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Tessa Souter
Beyond the Blue
Motéma ****
Released first of all in 2011 in Japan by Venus records but with a different mix, London-born singer Tessa Souter has at last made her mark with a single album following years of her being one to watch, and Beyond the Blue based as it is around the idea of setting new lyrics of hers, for the most part, to celebrated melodies from the classical music popular repertoire, amounts to that long anticipated breakthrough. Souter has a poised, characterful, and in-command style, and there is plenty to savour here not least title track ‘Beyond the Blue’ with Souter’s succinctly satisfying lyrics set to Chopin’s ‘Prelude in E Minor’, and the subtlety of ‘Sunrise’, the singer’s optimistically inclined lyric to the third movement of Brahms’ Third Symphony. Souter’s band on Beyond the Blue is excellent, with pianist Steve Kuhn a connoisseur’s choice as ever, and vibist Joe Locke approachably effusive. Joel Frahm fills the romantic tenor saxophone role beautifully. (Think a slightly more wistful, less worldly wise, Ernie Watts perhaps.) David Finck is a suitably lingering presence on bass, and Billy Drummond comfortably knowing on drums. The little touches from Gary Versace on accordion add more than a certain something as well, and fold in a hint of bal-musette (on the Prince Igor-derived ‘Dance With Me’) that adds to the bygone feel of portions of this fine record. Souter is a singer clearly blessed with a voice to believe in. SG

Out on 4 February. Tessa Souter plays the Pizza Express Jazz Club in London on 9-10 February

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Early-2013 has plenty in store. Wayne Shorter’s Without a Net released on 4 February, as previously discussed in these pages (http://bit.ly/W1Pymr), is a landmark release, its nine tracks engrossing and demanding, and it’s a thrilling ride. Studio track ‘Pegasus’, the Corinthian pillar of this largely live return to Blue Note, is a composition that stands tall with any of Shorter’s best work as a composer. A fortnight later comes the release of The Glimpse (Whirlwind), Robert Mitchell’s piano album for solo left hand available from 18 February, an extraordinary achievement early listens more than suggest, with a dozen tunes featuring the influential pianist on ridiculously fine form. Serious, with a contemplative feel listen out for tracks such as ‘The Sage’, like so many of the other tracks here, a composition that unfolds itself gently but casually delivers a powerful synthesis of abstract thought that always rewards your attention. Marius Neset’s new album Birds will also be a notable pace-setter in the spring. The young Norwegian saxophonist has come up with something special on this Edition/Gearbox release. Read Marlbank for more on this 18 March release in the New Year. Written for the 1927 French film La Proie du vent (translated into English as ‘The Prey of the Wind’), and also inspired by the film music Miles Davis wrote for Lift to the Scaffold quarter tone trumpeter’s Ibrahim Maalouf’s latest album Wind (Mi’ster) is his most mature and imaginative album to date. Meanwhile Swiss French trumpeter Erik Truffaz has also returned impressively with El tiempo de la Revolución (Blue Note France) shortly to gain an official UK release having been released on the Continent earlier and available here as an import. Club friendly, modal, and electronically processed sounds reminiscent of Mark Isham’s 1990s purple patch, Truffaz’s quartet has produced an evocative mood piece that joins the dots between the reimagined 1950s in his head and the “successive revolutions through which our lives are chronicled", as the unsigned note on the sleeve a little loftily suggests. Intelligent dance music through a jazz filter as ever with Truffaz, but this has more edge than his last few albums, and Anna Aaron’s Nico-via-Beth Gibbons vocal touches are a definite plus. The Truffaz quartet plays Ronnie Scott’s on 25 March.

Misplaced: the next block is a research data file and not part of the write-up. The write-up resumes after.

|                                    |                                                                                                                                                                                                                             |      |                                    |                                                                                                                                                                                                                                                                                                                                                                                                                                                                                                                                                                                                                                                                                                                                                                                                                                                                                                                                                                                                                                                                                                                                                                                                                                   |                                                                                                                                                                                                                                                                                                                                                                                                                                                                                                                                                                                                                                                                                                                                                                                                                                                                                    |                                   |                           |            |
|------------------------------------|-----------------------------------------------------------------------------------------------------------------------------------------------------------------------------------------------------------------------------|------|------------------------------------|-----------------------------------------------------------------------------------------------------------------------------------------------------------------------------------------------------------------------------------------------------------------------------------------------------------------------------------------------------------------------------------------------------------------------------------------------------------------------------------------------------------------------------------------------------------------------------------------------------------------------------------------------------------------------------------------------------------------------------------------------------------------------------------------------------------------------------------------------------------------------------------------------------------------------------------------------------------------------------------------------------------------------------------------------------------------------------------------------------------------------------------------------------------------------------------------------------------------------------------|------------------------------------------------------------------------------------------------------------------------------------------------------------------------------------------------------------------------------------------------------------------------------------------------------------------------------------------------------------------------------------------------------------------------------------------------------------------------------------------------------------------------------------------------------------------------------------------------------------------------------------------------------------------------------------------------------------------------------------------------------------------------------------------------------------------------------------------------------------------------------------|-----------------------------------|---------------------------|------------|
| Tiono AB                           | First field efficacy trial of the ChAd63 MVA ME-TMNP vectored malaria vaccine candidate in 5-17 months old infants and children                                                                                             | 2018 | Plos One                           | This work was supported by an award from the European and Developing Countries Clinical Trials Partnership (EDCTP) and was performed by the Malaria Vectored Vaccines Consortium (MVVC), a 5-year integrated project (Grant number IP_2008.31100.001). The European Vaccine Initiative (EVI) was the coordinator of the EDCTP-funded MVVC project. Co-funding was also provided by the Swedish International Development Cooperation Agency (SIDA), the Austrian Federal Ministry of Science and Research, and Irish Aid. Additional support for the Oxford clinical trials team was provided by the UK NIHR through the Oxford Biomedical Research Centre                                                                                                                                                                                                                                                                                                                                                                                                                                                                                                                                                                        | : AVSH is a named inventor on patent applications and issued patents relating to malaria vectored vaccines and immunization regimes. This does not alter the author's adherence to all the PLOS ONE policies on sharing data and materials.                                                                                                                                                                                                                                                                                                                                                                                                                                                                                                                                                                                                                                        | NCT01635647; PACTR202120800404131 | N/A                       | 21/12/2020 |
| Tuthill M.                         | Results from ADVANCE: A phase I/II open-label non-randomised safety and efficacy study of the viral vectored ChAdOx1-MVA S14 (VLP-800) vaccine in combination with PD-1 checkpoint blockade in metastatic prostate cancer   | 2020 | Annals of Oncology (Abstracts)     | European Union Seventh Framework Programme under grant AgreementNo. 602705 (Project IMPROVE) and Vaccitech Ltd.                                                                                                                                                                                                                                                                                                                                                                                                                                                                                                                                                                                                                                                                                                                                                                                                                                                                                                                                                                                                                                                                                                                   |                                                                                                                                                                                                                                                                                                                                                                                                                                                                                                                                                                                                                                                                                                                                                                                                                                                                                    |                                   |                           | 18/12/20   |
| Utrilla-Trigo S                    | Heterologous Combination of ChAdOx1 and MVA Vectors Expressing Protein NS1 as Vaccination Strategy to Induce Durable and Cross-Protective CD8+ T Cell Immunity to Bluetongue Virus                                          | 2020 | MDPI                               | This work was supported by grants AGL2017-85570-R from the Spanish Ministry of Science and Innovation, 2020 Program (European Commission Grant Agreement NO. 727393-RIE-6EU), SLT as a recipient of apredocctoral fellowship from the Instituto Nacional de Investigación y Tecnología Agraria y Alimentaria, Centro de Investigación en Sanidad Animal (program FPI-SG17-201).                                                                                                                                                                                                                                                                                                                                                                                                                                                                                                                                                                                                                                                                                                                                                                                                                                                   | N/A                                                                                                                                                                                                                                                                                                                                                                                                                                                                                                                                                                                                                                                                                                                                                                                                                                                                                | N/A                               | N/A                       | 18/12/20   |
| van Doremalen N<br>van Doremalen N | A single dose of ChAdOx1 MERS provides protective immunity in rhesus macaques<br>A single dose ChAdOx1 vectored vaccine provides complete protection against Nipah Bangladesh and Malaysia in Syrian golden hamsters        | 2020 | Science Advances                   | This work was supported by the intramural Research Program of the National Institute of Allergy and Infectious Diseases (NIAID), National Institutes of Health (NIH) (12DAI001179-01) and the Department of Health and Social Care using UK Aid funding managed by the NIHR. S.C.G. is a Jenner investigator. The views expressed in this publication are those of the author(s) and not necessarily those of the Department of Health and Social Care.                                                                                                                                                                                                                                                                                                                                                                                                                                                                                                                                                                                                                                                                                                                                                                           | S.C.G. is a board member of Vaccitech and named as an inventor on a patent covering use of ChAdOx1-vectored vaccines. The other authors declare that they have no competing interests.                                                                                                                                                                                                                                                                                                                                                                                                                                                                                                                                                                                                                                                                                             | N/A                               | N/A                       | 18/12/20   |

Stephen Graham

Robert Mitchell pictured above